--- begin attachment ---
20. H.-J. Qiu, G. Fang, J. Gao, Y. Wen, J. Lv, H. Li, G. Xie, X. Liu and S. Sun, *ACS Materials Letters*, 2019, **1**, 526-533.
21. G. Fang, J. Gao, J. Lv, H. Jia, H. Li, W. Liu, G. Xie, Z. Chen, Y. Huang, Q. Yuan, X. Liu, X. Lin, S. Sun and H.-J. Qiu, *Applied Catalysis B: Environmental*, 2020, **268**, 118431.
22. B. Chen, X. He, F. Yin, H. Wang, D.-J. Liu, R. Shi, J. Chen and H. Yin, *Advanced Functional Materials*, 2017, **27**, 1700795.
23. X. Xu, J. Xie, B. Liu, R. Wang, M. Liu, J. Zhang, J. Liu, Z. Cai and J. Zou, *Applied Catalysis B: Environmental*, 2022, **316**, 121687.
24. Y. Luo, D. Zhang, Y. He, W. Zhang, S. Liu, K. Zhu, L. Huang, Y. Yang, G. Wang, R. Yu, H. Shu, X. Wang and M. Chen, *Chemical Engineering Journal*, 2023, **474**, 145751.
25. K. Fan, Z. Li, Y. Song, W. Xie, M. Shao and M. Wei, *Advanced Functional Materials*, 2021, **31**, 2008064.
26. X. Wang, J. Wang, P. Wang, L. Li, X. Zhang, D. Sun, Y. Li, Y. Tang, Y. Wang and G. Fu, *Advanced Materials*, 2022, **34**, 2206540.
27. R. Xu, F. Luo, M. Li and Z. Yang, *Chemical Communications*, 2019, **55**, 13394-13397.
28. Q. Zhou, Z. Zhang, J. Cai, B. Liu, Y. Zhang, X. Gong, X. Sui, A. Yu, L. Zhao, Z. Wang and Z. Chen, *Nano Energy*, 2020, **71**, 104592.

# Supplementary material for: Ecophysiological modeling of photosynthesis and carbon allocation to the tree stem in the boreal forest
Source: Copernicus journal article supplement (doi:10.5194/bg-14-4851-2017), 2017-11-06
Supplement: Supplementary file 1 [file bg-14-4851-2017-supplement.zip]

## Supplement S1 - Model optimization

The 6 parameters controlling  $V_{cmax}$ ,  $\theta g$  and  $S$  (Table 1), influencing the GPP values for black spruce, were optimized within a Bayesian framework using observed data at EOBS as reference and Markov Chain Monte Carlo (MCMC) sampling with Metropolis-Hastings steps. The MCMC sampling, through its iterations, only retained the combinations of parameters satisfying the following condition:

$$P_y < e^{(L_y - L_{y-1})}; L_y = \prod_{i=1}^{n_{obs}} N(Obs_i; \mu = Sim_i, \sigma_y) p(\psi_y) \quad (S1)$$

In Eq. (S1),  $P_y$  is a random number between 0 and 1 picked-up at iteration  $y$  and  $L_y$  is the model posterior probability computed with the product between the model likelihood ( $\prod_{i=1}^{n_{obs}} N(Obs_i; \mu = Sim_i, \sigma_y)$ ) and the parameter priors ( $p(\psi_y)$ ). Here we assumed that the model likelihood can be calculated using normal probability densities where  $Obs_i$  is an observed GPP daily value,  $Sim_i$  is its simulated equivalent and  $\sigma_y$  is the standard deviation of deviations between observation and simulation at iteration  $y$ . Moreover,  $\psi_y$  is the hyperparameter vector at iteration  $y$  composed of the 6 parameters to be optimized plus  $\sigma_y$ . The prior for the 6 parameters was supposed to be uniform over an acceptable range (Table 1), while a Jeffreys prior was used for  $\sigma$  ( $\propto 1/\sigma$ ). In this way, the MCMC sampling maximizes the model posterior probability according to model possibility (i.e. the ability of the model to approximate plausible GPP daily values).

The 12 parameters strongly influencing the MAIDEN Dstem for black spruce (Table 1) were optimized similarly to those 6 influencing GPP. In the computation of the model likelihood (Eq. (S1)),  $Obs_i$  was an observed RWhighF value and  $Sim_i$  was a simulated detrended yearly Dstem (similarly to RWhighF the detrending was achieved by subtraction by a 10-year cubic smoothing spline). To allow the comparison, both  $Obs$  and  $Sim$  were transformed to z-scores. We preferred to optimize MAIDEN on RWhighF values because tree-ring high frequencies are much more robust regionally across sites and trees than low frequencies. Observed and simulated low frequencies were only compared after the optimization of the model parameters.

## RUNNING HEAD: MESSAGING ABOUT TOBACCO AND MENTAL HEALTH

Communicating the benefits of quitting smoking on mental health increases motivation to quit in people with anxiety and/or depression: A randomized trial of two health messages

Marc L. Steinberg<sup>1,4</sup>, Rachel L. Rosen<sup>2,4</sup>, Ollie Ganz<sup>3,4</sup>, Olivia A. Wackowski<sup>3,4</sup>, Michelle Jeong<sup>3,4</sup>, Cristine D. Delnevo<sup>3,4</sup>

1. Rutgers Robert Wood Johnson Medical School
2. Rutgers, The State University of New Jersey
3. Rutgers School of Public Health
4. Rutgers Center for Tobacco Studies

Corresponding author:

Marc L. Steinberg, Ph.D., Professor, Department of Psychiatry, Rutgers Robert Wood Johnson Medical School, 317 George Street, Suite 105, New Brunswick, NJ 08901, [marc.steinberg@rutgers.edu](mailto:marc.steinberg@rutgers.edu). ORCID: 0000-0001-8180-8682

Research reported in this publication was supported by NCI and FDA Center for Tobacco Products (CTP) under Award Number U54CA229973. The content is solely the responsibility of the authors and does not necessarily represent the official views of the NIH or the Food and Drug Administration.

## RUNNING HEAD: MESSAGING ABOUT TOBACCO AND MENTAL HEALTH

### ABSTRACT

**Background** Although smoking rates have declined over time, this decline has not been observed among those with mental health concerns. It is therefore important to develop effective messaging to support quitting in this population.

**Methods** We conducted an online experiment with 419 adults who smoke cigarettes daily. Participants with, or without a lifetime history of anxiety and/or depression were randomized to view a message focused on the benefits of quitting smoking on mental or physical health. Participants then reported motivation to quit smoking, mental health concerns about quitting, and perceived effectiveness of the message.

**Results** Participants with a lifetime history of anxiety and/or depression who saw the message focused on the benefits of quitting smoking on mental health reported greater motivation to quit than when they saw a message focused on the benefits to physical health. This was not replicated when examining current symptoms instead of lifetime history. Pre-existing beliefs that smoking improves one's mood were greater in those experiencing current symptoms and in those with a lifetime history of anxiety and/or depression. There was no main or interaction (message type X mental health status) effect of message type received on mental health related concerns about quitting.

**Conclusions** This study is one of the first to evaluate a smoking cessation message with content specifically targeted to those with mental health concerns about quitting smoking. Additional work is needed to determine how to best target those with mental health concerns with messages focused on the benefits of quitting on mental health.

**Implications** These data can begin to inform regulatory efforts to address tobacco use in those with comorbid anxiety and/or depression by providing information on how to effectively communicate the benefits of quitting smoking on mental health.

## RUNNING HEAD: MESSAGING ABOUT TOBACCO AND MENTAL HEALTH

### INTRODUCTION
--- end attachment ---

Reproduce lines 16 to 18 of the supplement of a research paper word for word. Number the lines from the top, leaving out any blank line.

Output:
In Eq. (S1),  $P_y$  is a random number between 0 and 1 picked-up at iteration  $y$  and  $L_y$  is the model posterior probability computed with the product between the model likelihood ( $\prod_{i=1}^{n_{obs}} N(Obs_i; \mu = Sim_i, \sigma_y)$ ) and the parameter priors ( $p(\psi_y)$ ). Here we assumed that the model likelihood can be calculated using normal probability densities where  $Obs_i$  is an observed GPP daily value,  $Sim_i$  is its simulated equivalent and  $\sigma_y$  is the standard deviation of deviations between observation and simulation at iteration  $y$ . Moreover,  $\psi_y$  is the hyperparameter vector at iteration  $y$  composed of the 6 parameters to be optimized plus  $\sigma_y$ . The prior for the 6 parameters was supposed to be uniform over an acceptable range (Table 1), while a Jeffreys prior was used for  $\sigma$  ( $\propto 1/\sigma$ ). In this way, the MCMC sampling maximizes the model posterior probability according to model possibility (i.e. the ability of the model to approximate plausible GPP daily values).

The 12 parameters strongly influencing the MAIDEN Dstem for black spruce (Table 1) were optimized similarly to those 6 influencing GPP. In the computation of the model likelihood (Eq. (S1)),  $Obs_i$  was an observed RWhighF value and  $Sim_i$  was a simulated detrended yearly Dstem (similarly to RWhighF the detrending was achieved by subtraction by a 10-year cubic smoothing spline). To allow the comparison, both  $Obs$  and  $Sim$  were transformed to z-scores. We preferred to optimize MAIDEN on RWhighF values because tree-ring high frequencies are much more robust regionally across sites and trees than low frequencies. Observed and simulated low frequencies were only compared after the optimization of the model parameters.

## RUNNING HEAD: MESSAGING ABOUT TOBACCO AND MENTAL HEALTH